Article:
March-18-2020 | Greer Prettyman, PennNeuroKnow

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Autoimmune encephalitis (AE) can be hard to diagnose because its symptoms can vary widely and may be similar to symptoms of other illnesses or disorders. When a patient is in the hospital with symptoms that may point to AE, they typically undergo a series of tests and evaluations to determine if a diagnosis of AE is likely. These test results help doctors decide whether or not to begin immunotherapy treatment, the normal standard of care for AE. Eventually, patients get antibody testing to more precisely diagnose specific types of AE and refine treatment.

Typically, an MRI scan is included in the standard battery of tests when a patient with potential AE arrives at the hospital. MRI, magnetic resonance imaging, is a technique that uses a strong magnet to identify areas of the brain that may be overly active. Particular patterns of activity that can be seen with MRI, such as increased activity in brain regions including the hippocampus, are often associated with AE1. However, many patients with AE have normal-looking MRIs, so MRI is not a perfectly accurate tool for diagnosis. A different type of diagnostic imaging called 18F-FDG PET might be able to detect certain types of encephalitis that would be missed with MRI1.

 

What is 18F-FDG PET?

 

18F-FDG PET imaging, which stands for [18F]fluorodeoxyglucose positron emission tomography, uses a radioactively labeled glucose molecule to identify parts of the body or brain that have unusual amounts of activity. Glucose is the body’s main source of energy, so PET scans allow doctors to visualize areas that have high energy metabolism, or hypermetabolism. An area that is more active uses more glucose and shows up more strongly on a PET image. FDG PET is often used in cancer diagnosis because it can be used to locate parts of the body where cancer cells are growing and using a lot of extra energy2,3.

 

FDG PET imaging is also useful for identifying patterns of activity in the brain that are often associated with AE1,4. Many patients with a specific type of AE called limbic encephalitis who receive an FDG PET scan have hypermetabolism in a part of the brain called the medial temporal lobe5,6. This part of the brain is involved with emotion and memory, which are often related to symptoms of AE. However, there is no one signature activation pattern that is consistently associated with limbic encephalitis, and other patients have shown patterns of unusually low metabolism (hypometabolism) in the medial temporal lobe or hypermetabolism in different brain regions, such as parietal and occipital lobes1,9.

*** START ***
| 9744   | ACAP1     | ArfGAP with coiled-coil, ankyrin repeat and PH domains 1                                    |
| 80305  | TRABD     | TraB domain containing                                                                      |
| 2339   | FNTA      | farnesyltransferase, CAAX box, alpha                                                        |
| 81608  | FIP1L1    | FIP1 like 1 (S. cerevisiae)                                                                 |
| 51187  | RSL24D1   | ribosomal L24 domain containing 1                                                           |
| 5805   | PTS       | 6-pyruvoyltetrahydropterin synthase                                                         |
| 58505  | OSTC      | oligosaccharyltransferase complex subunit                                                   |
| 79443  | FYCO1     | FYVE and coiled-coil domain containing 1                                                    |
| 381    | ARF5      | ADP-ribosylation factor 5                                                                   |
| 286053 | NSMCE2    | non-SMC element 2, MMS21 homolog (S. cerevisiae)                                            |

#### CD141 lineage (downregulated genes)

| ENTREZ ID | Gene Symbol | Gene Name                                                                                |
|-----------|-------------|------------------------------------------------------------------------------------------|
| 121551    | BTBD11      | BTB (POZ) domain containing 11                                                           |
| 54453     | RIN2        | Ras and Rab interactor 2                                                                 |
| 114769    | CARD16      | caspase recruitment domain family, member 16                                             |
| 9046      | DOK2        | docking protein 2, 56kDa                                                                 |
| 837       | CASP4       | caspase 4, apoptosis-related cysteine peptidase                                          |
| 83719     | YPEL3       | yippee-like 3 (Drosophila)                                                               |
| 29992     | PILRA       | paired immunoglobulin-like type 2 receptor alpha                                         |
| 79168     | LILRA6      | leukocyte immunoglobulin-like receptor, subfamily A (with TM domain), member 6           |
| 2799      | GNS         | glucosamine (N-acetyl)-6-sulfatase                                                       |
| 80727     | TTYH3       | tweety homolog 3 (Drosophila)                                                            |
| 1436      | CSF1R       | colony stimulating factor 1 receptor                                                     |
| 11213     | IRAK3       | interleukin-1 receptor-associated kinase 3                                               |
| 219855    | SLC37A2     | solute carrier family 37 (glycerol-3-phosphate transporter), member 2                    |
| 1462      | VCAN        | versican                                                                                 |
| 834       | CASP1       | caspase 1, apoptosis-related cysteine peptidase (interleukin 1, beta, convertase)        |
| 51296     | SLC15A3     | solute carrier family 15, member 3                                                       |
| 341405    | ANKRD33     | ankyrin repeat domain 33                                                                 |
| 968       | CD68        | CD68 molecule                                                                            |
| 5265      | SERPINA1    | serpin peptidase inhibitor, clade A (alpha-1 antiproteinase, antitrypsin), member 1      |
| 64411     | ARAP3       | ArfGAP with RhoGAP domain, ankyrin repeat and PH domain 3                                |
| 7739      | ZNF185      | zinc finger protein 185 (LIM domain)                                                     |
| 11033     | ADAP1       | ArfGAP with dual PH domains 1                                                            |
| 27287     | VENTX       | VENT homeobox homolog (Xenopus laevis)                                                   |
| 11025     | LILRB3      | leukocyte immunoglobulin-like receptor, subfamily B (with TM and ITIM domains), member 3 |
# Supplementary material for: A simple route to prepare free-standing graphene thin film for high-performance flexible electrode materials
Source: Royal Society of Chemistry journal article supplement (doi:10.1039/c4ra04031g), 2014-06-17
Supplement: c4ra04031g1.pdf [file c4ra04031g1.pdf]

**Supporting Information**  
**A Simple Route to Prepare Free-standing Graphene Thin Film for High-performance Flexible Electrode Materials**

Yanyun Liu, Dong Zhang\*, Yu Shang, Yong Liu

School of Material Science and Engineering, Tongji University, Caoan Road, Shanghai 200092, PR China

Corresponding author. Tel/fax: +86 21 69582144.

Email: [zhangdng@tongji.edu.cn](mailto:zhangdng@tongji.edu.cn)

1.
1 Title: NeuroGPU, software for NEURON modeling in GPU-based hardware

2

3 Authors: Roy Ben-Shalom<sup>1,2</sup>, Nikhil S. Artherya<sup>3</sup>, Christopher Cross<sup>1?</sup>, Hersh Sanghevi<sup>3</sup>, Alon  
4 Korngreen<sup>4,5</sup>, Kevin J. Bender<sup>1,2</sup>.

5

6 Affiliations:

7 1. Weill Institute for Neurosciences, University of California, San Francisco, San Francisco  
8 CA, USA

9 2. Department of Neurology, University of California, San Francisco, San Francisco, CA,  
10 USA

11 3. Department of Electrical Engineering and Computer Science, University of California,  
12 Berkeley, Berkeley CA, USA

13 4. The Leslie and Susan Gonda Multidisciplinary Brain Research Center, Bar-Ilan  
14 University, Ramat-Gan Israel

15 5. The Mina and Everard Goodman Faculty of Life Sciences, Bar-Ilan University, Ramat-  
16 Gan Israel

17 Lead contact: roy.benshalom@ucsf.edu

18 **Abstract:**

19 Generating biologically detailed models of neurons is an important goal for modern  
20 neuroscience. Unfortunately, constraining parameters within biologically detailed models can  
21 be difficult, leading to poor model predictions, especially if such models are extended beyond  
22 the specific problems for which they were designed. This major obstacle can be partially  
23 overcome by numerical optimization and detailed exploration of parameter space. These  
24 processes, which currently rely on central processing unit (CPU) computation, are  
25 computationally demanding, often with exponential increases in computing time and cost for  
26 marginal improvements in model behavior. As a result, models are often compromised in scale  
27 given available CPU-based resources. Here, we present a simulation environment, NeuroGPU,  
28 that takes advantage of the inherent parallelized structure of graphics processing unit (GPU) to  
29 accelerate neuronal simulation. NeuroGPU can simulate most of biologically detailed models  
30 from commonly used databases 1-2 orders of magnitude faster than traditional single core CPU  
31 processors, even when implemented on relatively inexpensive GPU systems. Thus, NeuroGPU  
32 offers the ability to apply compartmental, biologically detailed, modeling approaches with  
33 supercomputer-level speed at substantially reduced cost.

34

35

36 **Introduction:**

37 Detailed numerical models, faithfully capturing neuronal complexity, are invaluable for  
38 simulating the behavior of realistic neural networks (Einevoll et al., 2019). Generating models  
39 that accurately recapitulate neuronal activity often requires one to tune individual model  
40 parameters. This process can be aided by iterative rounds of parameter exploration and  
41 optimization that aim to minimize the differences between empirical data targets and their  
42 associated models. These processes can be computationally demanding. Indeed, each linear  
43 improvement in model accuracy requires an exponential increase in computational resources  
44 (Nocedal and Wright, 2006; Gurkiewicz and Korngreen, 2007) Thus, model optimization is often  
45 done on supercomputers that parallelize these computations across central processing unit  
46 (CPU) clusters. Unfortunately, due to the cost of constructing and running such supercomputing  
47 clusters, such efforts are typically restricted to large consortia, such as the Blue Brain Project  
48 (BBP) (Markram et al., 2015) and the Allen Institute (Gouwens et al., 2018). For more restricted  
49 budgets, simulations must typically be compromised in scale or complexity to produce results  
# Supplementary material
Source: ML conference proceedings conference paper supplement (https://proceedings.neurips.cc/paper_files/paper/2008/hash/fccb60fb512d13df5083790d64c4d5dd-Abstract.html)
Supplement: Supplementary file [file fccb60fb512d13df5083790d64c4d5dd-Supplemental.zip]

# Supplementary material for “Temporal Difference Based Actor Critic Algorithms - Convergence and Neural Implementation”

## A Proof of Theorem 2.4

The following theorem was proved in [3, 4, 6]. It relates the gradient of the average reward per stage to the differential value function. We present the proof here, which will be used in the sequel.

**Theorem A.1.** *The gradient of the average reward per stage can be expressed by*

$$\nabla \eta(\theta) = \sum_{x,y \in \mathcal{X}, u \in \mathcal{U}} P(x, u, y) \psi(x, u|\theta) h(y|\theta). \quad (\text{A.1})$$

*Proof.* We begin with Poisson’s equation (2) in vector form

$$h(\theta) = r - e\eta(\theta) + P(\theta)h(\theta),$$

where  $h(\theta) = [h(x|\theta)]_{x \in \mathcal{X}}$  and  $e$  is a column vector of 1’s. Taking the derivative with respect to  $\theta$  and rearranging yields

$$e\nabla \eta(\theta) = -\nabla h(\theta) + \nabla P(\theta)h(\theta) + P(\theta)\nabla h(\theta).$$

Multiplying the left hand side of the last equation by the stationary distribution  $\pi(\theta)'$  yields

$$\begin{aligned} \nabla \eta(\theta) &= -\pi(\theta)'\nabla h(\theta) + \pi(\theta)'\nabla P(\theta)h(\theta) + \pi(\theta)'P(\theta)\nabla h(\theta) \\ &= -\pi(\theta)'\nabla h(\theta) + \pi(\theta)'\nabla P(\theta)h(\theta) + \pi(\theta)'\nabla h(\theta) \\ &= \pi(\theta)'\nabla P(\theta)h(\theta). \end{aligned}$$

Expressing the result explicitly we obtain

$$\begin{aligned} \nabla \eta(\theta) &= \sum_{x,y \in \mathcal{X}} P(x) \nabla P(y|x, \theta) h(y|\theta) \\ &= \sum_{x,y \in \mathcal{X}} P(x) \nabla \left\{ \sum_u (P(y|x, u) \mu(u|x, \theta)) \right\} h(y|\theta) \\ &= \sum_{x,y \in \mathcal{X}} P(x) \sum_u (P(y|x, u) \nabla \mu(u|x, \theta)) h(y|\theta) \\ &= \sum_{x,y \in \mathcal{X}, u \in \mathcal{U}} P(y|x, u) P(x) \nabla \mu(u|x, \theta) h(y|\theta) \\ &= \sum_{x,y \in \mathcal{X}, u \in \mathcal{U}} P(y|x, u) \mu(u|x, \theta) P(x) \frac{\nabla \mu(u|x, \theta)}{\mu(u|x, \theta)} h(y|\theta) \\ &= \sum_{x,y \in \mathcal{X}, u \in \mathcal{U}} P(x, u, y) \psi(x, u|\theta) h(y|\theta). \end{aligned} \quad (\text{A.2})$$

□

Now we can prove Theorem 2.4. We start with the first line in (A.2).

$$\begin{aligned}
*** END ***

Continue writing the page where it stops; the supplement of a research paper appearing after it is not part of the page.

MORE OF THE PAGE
Another subtype of AE called anti-NMDA receptor encephalitis may also be easier to diagnose with FDG PET than with MRI7. This type of encephalitis that affects NMDA glutamate receptors in the brain is often associated with hypermetabolism of glucose in the frontal and temporal lobes and hypometabolism in the occipital lobe7. A study at Johns Hopkins looked at PET and MRI scans of 5 patients with anti-NMDA receptor encephalitis and found that all 5 had abnormal FDG PET scans but no abnormalities detected with MRI scans1.

Doctors have been able to diagnose these types of AE based on FDG PET results, even when that patient’s MRI scans appear normal4. One study of AE patients found that 85% had abnormal FDG PET scans, a greater percentage than for either MRI or EEG, suggesting that FDG PET may be a more sensitive measure8. For these reasons, researchers believe FDG PET may be an important tool for getting specific and precise diagnoses of AE6.

 

PET vs MRI

 

One drawback of using PET scans for early diagnosis is that they are typically not as quick and easy to obtain as an MRI. Many hospitals require time to schedule PET imaging so it cannot be completed when a patient is in the hospital with possible AE symptoms that need to be evaluated. MRI, on the other hand, can usually be performed on an emergency basis, so these results can be obtained more quickly and guide early treatment decisions10,11.